Conducting user research with children

How to conduct research with minors

Photo of Eszter Hegymegi
Eszter Hegymegi UX Designer
11 Jun 2024

As experts in education-centric product design, our team at Fruto tackles projects involving minors as primary users, collaborating with renowned names like Micro:bit Educational Foundation, and Boardworks Education.

As designers, we are very much aware that effective design hinges on research. However, researching with minors presents unique hurdles, demanding tailored methodologies that honour their developmental stages and ethical considerations. In this blog post, we distil our experience into key insights and practical tips for conducting research with children.

Exploring research methods for understanding children

In our UX journey, during the discovery phase, we engage primarily in interviews, workshops, and questionnaires to grasp their feelings, opinions, and experiences. Later, usability testing provides invaluable behavioural insights, guiding our design iterations.

Preparing for research: promoting participation and inclusivity

Before diving into research with children, it's essential to set the stage for meaningful and inclusive participation. While it may not always be feasible to include every demographic, striving for inclusivity enriches the research process and its outcomes.

Here are some practical considerations to foster participation:

Tailoring materials and questions:

Adapt workshop materials and questions to suit children's needs and abilities. Many standard materials that we tend to use for guidance are designed for adults, which can pose challenges for younger participants. By customising content, we enhance engagement and ensure that children can effectively contribute to the sessions.

Tip: Simplify language and activities to align with children's cognitive abilities and interests, facilitating their active involvement.

Addressing exclusionary factors:

Consider recruitment strategies to ensure a diverse sample. Be mindful of whether the language or design of the research may inadvertently exclude certain groups of children.

Tip: Reflect on who might be absent from the sample and how their perspectives could enrich the findings. While recruitment challenges are common, qualitative research isn’t about getting representative samples, but acknowledging these gaps can help you understand potential biases.

Informed consent:

Prior to involving children in research, ensure that both children and their parents or caregivers understand the purpose, expectations, risks, and benefits of participation. Securing informed consent is essential, emphasising that participation is voluntary.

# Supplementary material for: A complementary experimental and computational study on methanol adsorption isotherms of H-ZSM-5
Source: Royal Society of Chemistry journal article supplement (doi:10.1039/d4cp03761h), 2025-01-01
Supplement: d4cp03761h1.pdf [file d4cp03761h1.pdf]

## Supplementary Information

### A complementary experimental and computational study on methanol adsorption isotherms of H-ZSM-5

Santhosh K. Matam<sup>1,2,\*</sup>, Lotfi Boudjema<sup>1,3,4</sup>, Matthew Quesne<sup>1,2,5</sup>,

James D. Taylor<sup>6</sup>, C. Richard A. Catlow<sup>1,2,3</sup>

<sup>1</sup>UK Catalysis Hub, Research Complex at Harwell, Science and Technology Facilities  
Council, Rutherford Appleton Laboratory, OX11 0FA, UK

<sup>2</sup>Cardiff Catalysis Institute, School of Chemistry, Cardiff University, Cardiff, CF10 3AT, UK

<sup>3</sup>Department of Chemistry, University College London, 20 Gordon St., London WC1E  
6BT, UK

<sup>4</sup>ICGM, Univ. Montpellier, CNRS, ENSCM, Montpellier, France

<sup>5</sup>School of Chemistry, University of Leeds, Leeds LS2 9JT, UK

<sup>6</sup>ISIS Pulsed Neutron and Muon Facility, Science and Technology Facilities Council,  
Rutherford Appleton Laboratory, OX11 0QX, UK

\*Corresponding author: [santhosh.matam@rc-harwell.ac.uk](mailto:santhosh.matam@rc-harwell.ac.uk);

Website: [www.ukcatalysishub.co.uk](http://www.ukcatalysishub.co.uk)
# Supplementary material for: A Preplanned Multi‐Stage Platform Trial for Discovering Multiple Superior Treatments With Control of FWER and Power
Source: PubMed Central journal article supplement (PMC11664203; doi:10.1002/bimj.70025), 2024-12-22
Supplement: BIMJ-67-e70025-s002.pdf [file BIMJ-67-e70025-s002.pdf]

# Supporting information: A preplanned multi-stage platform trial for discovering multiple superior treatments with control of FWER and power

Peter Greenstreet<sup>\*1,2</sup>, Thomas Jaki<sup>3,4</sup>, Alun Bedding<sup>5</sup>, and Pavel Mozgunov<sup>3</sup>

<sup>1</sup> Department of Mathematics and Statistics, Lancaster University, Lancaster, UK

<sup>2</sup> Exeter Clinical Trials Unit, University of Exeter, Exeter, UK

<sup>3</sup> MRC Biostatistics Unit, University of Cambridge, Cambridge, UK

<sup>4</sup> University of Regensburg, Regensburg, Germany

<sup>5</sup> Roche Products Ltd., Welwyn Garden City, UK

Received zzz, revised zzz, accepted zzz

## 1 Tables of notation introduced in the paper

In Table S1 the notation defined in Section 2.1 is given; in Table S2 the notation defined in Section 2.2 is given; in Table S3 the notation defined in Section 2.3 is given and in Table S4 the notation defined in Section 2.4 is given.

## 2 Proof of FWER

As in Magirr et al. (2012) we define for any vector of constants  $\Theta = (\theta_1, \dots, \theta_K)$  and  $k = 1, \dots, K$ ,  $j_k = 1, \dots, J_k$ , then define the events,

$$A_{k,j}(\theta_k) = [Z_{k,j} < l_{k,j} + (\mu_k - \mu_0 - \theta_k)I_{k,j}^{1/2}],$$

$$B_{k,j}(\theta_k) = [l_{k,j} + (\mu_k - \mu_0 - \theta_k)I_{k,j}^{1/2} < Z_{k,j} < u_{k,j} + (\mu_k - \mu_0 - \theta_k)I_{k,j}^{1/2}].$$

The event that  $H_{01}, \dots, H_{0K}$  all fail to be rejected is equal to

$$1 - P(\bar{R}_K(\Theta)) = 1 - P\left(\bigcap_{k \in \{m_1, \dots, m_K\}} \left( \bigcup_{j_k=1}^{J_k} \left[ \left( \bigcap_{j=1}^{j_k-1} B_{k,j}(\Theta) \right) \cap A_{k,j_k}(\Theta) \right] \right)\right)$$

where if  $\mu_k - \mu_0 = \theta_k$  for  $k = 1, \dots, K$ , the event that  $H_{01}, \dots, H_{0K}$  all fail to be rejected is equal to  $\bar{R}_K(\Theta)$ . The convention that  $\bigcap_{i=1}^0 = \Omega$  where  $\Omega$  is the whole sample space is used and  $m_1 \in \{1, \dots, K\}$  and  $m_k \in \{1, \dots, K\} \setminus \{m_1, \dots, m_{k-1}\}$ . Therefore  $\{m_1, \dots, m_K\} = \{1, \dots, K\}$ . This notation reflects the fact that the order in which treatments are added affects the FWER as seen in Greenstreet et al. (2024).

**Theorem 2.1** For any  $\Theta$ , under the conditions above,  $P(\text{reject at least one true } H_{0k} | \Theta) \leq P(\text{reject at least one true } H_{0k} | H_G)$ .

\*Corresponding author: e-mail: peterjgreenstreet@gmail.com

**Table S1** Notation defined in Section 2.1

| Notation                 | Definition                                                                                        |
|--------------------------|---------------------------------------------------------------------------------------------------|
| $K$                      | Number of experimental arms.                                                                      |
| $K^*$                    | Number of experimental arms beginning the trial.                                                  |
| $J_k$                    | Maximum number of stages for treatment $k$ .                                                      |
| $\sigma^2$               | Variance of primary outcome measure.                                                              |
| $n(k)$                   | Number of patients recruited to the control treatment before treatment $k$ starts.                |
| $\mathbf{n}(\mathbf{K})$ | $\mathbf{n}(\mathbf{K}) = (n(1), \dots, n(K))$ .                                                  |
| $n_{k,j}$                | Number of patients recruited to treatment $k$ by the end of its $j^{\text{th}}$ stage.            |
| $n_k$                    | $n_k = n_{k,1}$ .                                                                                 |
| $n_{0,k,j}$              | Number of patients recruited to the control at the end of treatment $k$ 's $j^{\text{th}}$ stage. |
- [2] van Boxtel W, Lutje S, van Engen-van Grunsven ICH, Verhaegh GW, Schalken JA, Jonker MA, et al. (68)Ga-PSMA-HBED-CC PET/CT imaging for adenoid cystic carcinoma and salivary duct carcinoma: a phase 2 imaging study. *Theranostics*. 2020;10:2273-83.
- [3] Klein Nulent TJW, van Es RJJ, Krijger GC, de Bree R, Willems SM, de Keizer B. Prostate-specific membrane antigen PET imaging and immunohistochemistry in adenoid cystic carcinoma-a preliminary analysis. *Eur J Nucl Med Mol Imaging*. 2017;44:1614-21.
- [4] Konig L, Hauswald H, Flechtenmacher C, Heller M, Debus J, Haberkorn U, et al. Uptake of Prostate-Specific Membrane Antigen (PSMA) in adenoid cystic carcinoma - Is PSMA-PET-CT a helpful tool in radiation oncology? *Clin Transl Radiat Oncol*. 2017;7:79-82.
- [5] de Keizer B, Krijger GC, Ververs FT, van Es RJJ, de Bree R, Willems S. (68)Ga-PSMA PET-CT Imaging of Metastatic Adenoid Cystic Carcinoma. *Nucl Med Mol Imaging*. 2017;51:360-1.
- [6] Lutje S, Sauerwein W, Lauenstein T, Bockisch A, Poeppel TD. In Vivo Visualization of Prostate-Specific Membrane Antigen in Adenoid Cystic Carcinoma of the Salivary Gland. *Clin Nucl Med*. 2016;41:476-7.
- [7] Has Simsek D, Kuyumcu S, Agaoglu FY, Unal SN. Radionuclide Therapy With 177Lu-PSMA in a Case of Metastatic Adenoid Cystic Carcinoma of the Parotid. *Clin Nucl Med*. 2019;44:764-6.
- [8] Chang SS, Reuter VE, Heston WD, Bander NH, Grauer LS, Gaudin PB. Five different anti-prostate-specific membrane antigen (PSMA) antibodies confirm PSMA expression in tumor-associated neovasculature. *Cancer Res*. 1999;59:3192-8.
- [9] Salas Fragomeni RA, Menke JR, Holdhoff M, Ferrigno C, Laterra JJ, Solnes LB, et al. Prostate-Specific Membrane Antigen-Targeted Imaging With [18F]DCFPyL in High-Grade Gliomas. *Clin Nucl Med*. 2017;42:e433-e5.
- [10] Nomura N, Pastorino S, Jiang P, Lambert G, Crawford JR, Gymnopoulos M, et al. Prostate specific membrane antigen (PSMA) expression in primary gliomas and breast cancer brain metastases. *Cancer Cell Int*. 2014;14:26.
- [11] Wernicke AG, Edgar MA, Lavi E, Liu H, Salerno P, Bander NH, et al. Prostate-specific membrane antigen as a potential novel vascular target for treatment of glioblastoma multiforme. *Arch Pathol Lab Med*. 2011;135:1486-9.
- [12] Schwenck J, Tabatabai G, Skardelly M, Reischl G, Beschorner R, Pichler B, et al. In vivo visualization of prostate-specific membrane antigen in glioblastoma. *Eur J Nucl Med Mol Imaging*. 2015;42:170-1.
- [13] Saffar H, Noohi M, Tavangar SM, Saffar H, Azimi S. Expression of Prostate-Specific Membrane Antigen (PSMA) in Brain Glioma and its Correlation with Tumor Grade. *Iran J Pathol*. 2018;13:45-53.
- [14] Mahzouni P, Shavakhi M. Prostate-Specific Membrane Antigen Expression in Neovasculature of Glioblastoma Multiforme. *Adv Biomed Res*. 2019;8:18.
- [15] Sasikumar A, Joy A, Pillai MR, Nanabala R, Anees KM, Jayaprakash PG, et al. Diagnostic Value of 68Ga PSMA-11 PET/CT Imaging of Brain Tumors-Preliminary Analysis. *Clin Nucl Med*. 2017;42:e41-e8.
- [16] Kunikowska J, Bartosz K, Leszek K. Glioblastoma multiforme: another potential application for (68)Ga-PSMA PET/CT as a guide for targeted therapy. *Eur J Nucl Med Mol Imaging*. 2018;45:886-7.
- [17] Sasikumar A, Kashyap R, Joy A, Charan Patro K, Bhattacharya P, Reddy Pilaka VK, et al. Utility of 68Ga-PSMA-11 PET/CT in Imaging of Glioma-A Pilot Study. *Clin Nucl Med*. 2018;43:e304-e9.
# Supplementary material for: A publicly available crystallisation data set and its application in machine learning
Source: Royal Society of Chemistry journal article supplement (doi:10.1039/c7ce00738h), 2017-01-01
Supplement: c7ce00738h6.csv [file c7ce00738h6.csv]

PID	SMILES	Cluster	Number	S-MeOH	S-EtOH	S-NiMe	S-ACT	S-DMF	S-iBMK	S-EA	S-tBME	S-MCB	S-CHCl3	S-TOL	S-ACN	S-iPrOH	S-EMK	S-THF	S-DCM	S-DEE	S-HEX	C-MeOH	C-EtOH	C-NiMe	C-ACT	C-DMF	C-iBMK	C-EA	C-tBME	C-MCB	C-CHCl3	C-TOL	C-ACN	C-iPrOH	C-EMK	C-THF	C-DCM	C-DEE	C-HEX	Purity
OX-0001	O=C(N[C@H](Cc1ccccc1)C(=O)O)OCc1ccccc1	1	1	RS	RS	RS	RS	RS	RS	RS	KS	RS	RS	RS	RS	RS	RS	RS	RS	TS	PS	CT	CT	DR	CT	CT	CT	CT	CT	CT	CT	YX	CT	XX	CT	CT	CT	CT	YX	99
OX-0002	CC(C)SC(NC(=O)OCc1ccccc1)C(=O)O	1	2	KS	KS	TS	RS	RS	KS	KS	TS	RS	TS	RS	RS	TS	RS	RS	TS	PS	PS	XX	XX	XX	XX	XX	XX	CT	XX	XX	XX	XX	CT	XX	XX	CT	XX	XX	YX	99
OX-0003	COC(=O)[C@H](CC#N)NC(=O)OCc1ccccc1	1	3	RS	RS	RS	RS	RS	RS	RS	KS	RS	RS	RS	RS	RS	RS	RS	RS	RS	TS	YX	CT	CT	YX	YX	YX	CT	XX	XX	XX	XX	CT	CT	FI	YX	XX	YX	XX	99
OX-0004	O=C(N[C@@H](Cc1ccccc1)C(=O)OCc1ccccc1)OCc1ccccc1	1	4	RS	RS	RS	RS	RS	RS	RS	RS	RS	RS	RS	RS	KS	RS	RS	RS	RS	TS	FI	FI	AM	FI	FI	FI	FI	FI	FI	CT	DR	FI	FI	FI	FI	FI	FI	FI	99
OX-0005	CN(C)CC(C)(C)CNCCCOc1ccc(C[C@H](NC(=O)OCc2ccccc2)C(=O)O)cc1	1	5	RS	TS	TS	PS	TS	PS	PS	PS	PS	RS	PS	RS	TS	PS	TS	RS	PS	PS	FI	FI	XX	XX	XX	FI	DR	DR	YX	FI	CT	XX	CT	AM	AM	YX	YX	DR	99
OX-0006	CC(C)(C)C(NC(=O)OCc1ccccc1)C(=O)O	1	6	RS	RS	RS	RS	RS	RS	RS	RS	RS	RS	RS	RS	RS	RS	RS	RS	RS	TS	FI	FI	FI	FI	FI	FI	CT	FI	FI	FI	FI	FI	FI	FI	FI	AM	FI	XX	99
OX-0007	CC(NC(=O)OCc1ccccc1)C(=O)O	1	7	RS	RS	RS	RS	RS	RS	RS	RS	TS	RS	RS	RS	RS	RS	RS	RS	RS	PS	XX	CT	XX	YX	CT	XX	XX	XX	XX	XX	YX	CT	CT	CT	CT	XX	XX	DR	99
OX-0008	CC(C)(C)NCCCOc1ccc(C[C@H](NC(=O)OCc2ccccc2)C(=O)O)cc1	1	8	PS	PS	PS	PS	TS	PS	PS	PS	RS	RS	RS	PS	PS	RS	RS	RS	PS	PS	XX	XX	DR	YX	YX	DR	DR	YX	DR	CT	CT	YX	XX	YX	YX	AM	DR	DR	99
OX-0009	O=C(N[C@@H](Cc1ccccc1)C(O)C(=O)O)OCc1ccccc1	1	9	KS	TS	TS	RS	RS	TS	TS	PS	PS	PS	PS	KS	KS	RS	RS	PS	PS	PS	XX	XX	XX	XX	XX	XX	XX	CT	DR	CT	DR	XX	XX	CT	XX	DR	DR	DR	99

Tip: Communicating clearly and transparently with participants and their guardians usually at the start of the activity is a good start to remind them their participation is voluntary and there is no negative consequence if they withdraw.

Things to consider during the session:

Two vital things to consider during the research process involving children for a smooth and productive research session:

Mitigating emotional risks

Children may find the process of talking about their experiences or completing tasks stressful, which can lead to emotional distress.

Tip: Reassure children frequently that there are no right or wrong answers. (We tend to say it more often with young participants than adults.) Let them know that their feedback is valuable, and they can take breaks or decline to discuss certain topics if they feel uncomfortable.

Managing Attention Span:

Recognize that younger participants typically have shorter attention spans than adults. While attention span estimates based on age are helpful guidelines, individual variances exist.

Tip: Structure sessions accordingly, either by keeping them shorter or incorporating breaks to maintain engagement. Be mindful of children's energy levels and adjust the pace as needed to optimise participation.

Expected attention spans by age

Expected attention spans by age

  • 6 year olds: 12-18min

  • 8 year olds: 16-24min

  • 10 year olds: 20-30min

  • 12 year olds: 24-36min

  • 14 year olds: 28-42min

  • 16 year olds: 32-48min

Source: 'Normal attention span expectation by age' by Brain Balance

After the workshop:

Consider sharing the research results with participating children whenever possible, as it can significantly enhance their experience.

Tip: Crafting a condensed version of your report, a presentation, or another creative output (such as illustrative infographics) tailored specifically for children can effectively achieve this.

Need help with your project?

Let's chat about your next project or delve deeper into the world of inclusive design. Contact us to discuss ways we can help.

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About the author

Eszter Hegymegi

A UX aficionado, Eszter is an experienced UX and Service Designer. She's got her MA in design and is currently pursuing a part-time PhD at Loughborough University. She has lived in Berlin, Sheffield and Budapest and worked in various UX design roles. She brings valuable first-hand knowledge combined with real-life project experience.

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